Another interesting aspect is whether messages can be used as legal evidence even if plausibly deniable.

That really depends on the judicial system that you are in, but in many cases whether the protocol used underneath is plausibly deniable has no actual impact, and many times messages are used as evidence regardless.
Likely that’s because for most user it’s technically very challenging to actually modify or craft a message to themselves, albeit technically possible.

One way to make them not very effective in a legal setting is to actually give users the ability to edit any message (on their local device), regardless of the sender, although that would be a fairly weird feature.

1 Like

That’s a great idea, because it makes “fake screenshots” accessible to everyone. If someone wants to make a fake conversation they would find a way, but making it plain easy to everyone makes a fair game to all.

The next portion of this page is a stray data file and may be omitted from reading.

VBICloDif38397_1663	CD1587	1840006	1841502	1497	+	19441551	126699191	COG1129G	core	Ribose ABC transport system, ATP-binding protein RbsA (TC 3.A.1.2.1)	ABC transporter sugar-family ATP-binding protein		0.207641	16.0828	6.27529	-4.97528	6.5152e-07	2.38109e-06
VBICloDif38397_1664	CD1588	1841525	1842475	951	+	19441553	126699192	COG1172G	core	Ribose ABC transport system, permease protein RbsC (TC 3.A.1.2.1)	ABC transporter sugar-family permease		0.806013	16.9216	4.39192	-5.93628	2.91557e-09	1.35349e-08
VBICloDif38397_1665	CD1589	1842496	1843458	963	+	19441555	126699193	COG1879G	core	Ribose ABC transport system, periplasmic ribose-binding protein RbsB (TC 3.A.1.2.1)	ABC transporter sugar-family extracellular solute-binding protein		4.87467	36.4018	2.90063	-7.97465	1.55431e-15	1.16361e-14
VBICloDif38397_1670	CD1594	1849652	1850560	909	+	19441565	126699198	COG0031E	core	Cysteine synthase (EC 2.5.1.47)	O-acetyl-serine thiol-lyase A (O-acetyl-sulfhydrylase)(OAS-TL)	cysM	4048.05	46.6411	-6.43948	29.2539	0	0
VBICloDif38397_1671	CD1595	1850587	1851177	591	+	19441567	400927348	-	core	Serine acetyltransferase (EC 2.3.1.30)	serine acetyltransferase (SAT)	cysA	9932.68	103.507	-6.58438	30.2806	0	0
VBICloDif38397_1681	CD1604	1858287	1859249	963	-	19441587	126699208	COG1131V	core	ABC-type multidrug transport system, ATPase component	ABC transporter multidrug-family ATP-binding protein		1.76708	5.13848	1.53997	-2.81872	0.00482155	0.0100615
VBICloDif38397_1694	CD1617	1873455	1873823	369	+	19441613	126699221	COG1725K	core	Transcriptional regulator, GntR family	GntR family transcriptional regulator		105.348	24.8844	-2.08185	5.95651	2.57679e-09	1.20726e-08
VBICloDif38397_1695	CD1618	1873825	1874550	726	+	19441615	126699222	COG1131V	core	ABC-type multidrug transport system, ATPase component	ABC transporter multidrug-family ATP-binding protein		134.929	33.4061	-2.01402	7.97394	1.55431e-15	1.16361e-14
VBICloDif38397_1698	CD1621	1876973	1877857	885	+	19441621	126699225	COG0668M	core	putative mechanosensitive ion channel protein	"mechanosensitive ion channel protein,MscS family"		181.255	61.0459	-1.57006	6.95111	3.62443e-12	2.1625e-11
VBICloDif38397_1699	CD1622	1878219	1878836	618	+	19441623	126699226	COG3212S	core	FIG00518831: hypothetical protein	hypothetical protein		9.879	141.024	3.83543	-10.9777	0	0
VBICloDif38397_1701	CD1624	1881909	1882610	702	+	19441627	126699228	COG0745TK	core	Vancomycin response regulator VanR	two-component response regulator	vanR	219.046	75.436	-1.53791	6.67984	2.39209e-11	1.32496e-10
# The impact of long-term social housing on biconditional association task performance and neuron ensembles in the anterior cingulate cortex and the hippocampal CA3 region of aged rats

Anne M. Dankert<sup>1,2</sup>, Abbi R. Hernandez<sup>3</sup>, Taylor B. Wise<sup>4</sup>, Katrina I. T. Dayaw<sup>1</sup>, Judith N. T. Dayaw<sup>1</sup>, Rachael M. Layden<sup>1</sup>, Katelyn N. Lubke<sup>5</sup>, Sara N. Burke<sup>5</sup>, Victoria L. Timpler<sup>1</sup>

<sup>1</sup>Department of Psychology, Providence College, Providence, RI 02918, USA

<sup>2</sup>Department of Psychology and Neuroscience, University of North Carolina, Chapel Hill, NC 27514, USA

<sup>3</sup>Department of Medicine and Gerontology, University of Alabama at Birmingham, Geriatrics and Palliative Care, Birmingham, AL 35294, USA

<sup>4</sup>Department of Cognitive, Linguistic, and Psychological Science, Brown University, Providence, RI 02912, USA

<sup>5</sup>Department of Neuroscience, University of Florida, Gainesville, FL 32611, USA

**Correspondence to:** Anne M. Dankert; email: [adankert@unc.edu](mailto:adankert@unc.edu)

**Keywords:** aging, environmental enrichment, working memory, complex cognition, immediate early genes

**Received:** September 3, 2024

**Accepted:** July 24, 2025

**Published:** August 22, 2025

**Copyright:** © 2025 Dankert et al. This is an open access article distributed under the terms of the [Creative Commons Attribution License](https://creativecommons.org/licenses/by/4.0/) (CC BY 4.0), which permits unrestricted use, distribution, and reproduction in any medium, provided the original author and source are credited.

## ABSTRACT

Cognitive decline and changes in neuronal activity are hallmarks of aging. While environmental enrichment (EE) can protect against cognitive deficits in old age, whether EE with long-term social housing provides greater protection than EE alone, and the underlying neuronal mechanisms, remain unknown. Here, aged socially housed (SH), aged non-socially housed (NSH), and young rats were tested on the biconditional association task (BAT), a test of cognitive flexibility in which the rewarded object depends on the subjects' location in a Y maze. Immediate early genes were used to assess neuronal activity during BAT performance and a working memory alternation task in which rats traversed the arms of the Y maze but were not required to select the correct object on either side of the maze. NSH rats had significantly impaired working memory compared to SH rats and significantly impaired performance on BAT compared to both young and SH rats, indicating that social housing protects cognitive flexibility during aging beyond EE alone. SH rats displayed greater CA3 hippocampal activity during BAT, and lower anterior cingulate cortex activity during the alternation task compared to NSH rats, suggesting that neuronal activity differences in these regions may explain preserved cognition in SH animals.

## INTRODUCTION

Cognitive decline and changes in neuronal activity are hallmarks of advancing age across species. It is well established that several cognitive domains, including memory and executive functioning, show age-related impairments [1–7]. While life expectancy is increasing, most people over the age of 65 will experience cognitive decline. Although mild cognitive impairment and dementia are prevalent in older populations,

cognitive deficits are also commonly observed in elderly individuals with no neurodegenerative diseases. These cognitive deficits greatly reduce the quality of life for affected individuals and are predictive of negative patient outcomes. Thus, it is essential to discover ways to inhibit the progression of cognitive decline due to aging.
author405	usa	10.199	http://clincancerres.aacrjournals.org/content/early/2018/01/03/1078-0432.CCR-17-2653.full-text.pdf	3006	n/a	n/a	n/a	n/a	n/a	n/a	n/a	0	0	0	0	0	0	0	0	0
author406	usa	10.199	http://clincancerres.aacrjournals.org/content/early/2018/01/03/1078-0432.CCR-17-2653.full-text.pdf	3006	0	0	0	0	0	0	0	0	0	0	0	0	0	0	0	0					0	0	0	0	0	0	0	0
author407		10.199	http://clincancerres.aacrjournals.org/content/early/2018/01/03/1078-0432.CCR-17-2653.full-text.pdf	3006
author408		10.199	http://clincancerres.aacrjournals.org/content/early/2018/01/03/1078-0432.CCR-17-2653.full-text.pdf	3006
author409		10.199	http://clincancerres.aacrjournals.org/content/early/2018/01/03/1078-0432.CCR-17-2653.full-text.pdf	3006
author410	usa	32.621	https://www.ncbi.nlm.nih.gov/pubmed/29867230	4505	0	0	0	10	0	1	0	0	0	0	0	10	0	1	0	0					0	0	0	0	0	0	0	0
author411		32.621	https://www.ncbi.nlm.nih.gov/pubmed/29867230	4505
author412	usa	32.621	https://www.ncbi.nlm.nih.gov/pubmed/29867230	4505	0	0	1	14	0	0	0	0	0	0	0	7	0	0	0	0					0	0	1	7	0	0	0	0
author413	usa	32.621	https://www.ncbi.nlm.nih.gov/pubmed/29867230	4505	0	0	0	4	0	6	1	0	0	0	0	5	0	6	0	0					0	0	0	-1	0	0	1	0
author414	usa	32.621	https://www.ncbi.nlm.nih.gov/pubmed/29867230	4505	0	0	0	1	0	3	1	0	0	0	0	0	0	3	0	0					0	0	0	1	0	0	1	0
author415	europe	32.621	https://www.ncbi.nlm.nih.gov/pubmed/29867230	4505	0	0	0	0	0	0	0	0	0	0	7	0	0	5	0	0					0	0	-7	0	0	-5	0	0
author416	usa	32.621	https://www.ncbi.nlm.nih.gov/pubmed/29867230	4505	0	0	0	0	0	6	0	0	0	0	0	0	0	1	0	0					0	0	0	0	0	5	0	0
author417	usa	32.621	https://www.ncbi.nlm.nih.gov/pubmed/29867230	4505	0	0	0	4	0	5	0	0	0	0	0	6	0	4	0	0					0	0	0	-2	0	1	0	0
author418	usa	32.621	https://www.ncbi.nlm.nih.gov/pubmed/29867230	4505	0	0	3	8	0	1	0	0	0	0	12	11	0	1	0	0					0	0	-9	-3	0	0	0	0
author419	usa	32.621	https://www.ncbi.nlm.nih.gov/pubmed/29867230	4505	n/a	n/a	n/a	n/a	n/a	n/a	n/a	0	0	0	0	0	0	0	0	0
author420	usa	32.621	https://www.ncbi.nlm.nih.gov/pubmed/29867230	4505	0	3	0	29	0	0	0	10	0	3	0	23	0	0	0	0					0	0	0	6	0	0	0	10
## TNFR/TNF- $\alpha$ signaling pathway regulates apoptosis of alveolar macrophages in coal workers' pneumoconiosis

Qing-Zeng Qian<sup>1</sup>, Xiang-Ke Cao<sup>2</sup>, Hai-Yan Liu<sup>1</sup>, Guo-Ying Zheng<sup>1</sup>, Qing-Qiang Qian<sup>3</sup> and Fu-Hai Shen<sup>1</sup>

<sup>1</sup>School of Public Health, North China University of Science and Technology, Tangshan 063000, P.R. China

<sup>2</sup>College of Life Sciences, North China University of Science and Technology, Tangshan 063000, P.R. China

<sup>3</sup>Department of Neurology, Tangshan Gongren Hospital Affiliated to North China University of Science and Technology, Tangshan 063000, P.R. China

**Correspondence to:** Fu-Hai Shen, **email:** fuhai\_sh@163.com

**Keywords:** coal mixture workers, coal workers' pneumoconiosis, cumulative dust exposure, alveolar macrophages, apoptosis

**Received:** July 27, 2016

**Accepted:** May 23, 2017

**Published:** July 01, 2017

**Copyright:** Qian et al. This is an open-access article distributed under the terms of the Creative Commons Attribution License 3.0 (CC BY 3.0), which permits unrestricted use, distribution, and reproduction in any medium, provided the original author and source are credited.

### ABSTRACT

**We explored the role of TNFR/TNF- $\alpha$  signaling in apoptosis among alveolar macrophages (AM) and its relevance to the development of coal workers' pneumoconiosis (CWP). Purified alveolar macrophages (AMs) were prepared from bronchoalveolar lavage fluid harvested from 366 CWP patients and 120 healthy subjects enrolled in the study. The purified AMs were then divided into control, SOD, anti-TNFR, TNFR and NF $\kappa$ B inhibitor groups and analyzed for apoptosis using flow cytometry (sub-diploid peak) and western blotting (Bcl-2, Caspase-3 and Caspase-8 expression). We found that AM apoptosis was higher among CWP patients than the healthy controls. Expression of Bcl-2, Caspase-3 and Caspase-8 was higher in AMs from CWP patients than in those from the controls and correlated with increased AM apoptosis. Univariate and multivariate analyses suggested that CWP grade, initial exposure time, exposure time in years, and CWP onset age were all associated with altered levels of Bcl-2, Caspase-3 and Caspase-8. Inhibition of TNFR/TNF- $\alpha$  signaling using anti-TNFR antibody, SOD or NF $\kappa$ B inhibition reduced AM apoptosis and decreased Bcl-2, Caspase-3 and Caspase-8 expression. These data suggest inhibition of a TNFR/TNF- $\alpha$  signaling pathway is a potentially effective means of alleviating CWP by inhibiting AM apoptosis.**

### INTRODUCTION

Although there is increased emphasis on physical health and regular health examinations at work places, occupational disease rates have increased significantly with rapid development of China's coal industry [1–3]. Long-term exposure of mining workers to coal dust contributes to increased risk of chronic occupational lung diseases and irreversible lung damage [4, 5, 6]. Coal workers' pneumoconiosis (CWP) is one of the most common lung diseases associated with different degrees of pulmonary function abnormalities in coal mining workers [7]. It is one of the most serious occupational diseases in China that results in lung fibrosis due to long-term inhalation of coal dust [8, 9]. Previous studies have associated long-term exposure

However to fake messages at protocol level, they would need to be reencrypted, perhaps they agree on the same key to talk, and inside of the messages they specify who are who, as it dont matters who is sending the message, if is not the user itself, is the other party, however this method would be only for the self deleting messages? Or perhaps a config in Advanced > Allow edit of messages and make somehow to fake a message with any signer?

In terms of protocol, essentially messages are encrypted with a symmetric encryption key, so both parties have access to it, so either can be forging messages pretending to be the other user (given we stop signing messages as described above), so the process would be fairly simple.

To know who you are talking to, you need two information:

  1. The symmetric key is encrypted with, which only 2 people have access to (you and the other party of the conversation)
  2. The fact that you haven’t sent it

At that point you know that it must have been the other user who sent the message (crucially you can’t prove 2 to anyone else, so you get PD)
So identity is embedded in the symmetric key used essentially.

Hi! I really am looking forward to the “self-destruct” feature!
But could you please also add longer deletion timeframes like 1 week and 1 month (and maybe even 6 month)